Wild Rose may sound like a familiar tune, but you’ve never heard it performed quite like this.
A coming-of-age drama set in the forlorn world of absent parents and trailer parks, writer/director Megan Griffiths’ faintly sketched “Sadie” owes much of its limited appeal to its terrific lead performer, Sophia Mitri Schloss. A breakthrough as the emotionally detached teenager who spirals into disquieting complexity, Schloss reflects Sadie’s repressed young battles and dark leanings with chilling exactness. Griffiths (“The Off Hours,” “Eden”) unfortunately doesn’t give Schloss much more than an abstract tableau to work with: limited prospects, blue-collar people stuck in a vicious cycle of hardship and torn apart families are among the story’s prominent beats. The gloomy turns in her film accumulate to such an extreme outcome in the end that you inevitably start raising your eyebrows to the contrived narrative. In that, “Sadie” shares its protagonist’s most defining attribute—a frustratingly manipulative nature.
When we first meet Sadie, we get the distinct sense that we have met a teenager like her before in countless films. Now raised by her mom Rae (Melanie Lynskey, typically terrific in relaxing into her character’s skin), Sadie holds on to the vanishing memories of her soldier father, impatiently awaiting his return from years-long stationing in Afghanistan. Not unlike the teenagers of the recent “Flower” (directed by Max Winkler) or Wayne Wang’s two-decades-old “Anywhere But Here,” she seems to be convinced of her dad’s untouchable greatness and her mother’s falsehood. As a result, Sadie goes out of her way to sabotage Rae’s romantic prospects, the first of them being her high school’s well-meaning counselor whom Rae reluctantly dates. When Cyrus (John Gallagher Jr.), an ex-pilot with a slowly revealed addiction problem, arrives in their community of misfortune and builds a romantic bond with Rae, Sadie’s desperate attempts to tear down a future without her own father assume an even more distressing dimension.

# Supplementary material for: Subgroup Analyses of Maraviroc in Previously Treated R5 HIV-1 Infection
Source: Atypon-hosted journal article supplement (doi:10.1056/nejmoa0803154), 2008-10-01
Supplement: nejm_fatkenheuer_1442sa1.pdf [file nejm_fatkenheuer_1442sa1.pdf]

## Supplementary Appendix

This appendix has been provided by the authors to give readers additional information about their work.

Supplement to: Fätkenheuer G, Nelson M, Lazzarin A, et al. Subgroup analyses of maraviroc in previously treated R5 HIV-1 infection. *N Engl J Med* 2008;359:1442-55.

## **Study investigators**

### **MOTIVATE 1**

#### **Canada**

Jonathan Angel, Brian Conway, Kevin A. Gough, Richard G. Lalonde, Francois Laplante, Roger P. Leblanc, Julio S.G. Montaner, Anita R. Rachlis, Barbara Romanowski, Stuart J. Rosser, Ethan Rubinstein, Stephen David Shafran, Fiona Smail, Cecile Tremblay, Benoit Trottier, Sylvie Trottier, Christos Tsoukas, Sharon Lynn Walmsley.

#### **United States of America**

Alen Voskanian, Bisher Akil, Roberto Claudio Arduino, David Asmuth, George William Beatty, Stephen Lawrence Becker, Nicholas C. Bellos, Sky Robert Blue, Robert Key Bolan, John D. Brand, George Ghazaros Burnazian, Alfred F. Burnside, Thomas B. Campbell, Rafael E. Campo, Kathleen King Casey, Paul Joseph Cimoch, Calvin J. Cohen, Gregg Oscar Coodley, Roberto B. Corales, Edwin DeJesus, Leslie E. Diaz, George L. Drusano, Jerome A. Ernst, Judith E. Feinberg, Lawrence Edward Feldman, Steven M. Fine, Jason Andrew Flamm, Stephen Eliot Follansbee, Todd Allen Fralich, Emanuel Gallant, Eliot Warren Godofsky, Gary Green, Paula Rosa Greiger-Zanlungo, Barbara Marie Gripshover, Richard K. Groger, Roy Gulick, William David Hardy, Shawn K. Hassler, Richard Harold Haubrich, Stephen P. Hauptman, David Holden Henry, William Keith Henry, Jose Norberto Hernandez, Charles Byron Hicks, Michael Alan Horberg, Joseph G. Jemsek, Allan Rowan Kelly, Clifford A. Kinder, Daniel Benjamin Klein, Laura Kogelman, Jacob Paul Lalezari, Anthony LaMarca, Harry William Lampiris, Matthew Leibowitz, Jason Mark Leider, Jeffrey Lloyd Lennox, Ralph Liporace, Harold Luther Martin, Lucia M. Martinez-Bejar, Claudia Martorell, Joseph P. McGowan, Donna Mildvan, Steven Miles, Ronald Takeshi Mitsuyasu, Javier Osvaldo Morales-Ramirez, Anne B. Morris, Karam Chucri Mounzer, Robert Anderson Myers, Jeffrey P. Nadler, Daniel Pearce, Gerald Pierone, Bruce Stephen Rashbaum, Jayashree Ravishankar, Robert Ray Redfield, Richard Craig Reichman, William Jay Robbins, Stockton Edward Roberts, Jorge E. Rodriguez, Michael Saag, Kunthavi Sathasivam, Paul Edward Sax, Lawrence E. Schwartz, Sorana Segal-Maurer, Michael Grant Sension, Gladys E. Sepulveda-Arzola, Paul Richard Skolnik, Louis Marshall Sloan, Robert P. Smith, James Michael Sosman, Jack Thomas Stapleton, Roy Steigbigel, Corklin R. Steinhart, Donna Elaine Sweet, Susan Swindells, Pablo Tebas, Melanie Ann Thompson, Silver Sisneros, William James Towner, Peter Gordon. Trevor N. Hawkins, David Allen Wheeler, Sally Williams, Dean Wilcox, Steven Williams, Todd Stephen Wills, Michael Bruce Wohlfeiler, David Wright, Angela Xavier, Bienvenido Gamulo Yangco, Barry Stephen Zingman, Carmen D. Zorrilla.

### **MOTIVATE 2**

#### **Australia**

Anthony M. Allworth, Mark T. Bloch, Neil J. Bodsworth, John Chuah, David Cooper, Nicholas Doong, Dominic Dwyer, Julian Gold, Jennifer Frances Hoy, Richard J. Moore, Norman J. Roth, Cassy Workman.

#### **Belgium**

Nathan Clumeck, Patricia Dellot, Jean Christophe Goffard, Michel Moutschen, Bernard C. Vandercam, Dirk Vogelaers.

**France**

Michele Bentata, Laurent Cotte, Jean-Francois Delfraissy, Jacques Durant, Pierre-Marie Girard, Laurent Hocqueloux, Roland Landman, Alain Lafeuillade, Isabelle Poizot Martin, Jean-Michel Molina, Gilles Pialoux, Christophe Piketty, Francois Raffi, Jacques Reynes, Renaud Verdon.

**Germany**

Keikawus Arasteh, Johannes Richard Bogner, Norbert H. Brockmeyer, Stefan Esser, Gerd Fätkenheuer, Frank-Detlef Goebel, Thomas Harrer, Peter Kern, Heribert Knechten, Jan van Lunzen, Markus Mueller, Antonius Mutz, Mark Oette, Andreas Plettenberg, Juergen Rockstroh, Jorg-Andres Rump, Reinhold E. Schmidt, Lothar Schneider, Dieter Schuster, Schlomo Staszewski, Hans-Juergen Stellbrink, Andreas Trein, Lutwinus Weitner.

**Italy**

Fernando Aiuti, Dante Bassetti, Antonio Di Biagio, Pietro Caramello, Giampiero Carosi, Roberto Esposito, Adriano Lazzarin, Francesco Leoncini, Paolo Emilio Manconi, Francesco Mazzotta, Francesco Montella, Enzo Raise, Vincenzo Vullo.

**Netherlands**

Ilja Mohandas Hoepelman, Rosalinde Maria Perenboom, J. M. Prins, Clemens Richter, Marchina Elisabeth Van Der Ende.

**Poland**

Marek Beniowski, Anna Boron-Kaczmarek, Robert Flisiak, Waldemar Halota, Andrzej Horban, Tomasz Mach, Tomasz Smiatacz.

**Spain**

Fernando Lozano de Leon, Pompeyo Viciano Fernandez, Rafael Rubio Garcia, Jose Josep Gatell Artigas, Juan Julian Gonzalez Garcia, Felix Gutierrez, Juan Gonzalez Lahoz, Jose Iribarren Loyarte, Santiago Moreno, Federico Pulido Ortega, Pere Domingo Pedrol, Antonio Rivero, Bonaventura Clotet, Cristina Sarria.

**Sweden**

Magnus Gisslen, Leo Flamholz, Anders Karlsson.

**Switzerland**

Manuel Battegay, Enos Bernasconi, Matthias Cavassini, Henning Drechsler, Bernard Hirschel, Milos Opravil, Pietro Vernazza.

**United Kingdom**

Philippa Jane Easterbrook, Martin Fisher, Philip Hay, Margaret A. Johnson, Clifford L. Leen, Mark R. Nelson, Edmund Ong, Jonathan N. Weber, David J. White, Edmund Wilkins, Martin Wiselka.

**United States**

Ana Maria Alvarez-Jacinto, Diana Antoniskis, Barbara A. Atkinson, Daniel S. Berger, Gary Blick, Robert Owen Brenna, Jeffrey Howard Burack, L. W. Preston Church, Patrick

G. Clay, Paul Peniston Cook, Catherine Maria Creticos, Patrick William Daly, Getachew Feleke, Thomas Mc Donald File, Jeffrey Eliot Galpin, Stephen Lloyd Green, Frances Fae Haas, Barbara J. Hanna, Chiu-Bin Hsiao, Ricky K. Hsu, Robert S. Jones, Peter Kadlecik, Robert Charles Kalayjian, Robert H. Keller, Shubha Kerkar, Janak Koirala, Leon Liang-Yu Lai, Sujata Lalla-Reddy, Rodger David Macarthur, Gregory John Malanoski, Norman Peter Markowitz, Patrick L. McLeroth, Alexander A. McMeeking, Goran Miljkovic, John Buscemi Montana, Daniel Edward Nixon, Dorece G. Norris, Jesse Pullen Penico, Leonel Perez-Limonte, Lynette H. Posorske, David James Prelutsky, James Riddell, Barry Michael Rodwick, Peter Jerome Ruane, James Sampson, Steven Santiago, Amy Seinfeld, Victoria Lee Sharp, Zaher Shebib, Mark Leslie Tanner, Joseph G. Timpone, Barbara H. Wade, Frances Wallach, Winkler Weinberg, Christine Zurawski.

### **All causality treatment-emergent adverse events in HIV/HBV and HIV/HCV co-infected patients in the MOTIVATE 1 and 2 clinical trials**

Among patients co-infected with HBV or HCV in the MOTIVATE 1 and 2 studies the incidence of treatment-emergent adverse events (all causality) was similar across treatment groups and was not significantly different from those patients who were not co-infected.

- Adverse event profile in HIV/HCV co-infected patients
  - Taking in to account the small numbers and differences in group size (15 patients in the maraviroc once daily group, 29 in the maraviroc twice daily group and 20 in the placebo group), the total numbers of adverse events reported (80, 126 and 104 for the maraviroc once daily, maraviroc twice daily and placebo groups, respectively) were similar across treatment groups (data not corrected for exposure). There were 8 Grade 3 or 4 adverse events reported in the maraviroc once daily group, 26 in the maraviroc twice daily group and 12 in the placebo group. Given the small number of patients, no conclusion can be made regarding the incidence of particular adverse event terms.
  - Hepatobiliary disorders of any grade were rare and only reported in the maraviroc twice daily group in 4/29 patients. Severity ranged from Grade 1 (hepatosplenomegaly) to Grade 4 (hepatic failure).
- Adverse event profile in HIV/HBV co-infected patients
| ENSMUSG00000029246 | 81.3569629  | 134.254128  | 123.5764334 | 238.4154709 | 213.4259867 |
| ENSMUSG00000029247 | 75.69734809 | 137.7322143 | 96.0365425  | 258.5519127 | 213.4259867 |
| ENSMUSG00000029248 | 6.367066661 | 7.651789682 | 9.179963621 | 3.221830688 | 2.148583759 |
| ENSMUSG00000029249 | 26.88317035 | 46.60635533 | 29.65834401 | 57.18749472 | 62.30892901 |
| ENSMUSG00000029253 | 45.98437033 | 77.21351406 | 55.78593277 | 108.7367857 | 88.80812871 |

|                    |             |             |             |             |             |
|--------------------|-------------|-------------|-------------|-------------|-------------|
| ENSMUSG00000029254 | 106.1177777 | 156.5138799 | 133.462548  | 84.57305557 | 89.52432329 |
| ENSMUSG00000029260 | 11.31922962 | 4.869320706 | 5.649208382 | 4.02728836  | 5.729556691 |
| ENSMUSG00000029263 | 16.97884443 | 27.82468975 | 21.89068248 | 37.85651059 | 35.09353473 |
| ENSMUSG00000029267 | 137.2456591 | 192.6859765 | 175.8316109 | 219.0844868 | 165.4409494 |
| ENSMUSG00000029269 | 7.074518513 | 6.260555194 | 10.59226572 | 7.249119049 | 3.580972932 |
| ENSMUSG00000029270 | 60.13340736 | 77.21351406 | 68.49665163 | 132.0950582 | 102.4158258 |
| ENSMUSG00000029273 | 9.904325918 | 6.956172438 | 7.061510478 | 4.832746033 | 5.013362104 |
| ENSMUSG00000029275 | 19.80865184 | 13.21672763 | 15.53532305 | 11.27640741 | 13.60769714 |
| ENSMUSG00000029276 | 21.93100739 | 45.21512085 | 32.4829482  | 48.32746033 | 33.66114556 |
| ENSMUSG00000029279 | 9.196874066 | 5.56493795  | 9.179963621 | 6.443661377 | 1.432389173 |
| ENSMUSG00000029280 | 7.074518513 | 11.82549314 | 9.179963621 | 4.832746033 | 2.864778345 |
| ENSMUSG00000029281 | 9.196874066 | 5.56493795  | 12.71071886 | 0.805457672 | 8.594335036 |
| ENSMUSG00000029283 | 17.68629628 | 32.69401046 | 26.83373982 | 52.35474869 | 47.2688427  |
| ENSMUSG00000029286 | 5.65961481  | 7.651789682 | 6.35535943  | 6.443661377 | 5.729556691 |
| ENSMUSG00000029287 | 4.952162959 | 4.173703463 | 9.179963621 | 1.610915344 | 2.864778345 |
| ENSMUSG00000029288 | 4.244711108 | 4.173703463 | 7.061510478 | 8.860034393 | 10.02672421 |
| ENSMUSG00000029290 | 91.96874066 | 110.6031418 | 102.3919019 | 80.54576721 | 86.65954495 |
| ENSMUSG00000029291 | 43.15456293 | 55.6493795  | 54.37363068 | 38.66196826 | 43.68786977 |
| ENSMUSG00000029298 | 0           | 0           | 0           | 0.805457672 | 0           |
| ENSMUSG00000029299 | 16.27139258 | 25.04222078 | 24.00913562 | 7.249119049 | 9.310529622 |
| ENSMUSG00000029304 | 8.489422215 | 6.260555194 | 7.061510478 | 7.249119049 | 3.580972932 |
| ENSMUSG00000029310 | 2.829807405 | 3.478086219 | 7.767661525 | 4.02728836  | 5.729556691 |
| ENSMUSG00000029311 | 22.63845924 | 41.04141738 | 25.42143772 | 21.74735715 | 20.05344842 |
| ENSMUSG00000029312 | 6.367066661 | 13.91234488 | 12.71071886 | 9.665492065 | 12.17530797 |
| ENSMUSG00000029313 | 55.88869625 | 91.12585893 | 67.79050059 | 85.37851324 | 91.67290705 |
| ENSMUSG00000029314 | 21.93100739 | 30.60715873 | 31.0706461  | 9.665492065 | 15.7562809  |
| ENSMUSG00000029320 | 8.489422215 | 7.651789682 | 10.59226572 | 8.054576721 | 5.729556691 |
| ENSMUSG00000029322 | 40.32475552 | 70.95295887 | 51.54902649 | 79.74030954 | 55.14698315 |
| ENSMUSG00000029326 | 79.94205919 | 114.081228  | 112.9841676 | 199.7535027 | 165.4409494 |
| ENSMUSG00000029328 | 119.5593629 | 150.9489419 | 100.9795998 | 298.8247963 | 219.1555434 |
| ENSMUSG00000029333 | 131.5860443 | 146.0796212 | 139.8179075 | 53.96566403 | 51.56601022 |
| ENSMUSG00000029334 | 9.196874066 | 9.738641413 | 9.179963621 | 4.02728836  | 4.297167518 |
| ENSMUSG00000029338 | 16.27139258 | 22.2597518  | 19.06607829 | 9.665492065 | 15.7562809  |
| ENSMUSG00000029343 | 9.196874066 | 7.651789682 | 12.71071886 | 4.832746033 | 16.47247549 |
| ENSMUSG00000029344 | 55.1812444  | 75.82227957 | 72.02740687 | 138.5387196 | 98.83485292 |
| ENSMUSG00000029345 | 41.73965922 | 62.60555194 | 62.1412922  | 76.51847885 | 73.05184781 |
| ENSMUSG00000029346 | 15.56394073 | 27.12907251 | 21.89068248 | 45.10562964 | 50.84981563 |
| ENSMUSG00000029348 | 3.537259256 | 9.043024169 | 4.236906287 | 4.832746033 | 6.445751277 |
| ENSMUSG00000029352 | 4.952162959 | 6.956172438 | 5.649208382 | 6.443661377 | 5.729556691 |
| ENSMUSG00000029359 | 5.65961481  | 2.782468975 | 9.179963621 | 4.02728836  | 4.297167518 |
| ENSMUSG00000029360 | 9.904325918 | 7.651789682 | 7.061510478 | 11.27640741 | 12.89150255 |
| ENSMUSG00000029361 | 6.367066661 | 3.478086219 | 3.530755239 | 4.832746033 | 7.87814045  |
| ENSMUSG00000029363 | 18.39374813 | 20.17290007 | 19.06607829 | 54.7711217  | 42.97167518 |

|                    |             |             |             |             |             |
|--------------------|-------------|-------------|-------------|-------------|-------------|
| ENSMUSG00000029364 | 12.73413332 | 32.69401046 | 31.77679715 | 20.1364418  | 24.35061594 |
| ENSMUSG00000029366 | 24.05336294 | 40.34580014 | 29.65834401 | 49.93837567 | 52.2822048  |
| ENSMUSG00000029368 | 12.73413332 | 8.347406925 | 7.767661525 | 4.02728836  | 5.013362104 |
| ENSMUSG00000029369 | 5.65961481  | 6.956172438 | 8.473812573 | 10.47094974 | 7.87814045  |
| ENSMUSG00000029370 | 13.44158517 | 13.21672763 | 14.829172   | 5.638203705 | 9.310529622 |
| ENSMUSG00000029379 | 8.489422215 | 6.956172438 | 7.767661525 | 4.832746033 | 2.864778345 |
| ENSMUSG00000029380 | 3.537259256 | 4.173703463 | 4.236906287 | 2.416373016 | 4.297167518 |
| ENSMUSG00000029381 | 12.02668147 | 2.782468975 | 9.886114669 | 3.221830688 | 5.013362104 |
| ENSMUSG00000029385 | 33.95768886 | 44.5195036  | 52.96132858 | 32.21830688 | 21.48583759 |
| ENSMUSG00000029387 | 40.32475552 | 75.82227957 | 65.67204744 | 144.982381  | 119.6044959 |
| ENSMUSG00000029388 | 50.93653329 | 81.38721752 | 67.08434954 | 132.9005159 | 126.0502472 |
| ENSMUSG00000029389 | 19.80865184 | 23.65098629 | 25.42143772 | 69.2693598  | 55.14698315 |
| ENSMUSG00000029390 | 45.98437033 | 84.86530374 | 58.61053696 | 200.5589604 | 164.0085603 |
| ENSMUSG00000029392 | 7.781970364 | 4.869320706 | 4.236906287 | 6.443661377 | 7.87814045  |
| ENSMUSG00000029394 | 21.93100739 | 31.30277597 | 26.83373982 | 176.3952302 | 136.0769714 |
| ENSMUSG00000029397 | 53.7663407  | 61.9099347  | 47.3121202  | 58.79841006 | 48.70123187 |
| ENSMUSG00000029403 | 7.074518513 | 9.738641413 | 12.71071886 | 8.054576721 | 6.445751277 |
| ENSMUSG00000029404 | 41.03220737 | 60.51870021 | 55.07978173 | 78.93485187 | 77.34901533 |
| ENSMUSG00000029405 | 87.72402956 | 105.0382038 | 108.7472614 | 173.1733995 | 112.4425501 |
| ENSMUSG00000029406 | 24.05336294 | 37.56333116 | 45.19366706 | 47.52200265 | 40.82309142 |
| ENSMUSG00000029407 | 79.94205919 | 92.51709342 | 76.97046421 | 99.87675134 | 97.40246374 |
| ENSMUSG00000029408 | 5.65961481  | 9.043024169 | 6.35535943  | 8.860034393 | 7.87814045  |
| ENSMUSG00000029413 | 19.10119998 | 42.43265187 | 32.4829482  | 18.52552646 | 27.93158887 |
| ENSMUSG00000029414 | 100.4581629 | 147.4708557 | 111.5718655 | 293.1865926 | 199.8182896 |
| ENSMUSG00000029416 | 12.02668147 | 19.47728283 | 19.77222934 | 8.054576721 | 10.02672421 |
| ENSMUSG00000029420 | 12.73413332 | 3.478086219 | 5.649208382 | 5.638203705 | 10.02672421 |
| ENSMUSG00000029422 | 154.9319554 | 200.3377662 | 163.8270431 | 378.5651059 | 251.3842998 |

In fairness, Griffiths tries something new with “Sadie”—the aforementioned familiarity of her story and characters slowly venture out to avenues around violence and perilous hostility not often explored in coming-of-age films; at least not in those driven by female leads. She builds a persuasive relationship between Sadie and her longtime best friend Francis (Keith L. Williams, another memorable performer), who often gets bullied at school and relies on Sadie as a safeguard. Rae and Francis’ mother Carla (Danielle Brooks) also embark on a worthwhile arc of camaraderie. Through these intriguing but underdeveloped plot threads, Griffiths lightly touches on female bonding and occasional enmity, and even tries (though, not entirely successfully) to engage with Sadie and Rae’s white privilege. “Sadie” hits its most enduring notes in small moments when Griffiths shows us her unassumingly observant side. Conversations between the precocious Sadie and Francis’ retired grandfather Deak (Tee Dennard) and one particularly inspired, humorous instance when Rae blurts out “I didn’t shave” to Cyrus at the worst possible time show us the perceptive filmmaker behind the material.
Ironically enough, these flourishes of life also distract from the film’s main focus. While Schloss comprehends Sadie’s buried rage (obliquely bringing to mind Andrea Arnold’s masterful “Fish Tank”), Griffiths’ script only tentatively engages with her dangerous obsession with violence, caused by a fixation on her father’s wartime mission. Sure, the increasingly angry, boundary-pushing Sadie gets herself in trouble at school with a provocative essay that causes unease amongst her teachers. But the film abandons the troubling questions around her motivations. Similarly, Griffiths alarms the audience with Sadie’s methods to bring Cyrus down, but doesn’t quite flesh out her impulses or bother to build her character beyond rough brushstrokes. “Sadie” doesn’t exactly drown in feel-bad misery porn, but despite a uniformly committed cast, it never quite comes together as the layered portrait of the troubled teenager it promises to deliver, either.
A review of the third and final season of Jessica Jones, now playing on Netflix.
One of the more singular moviegoing experiences that I can recall attending.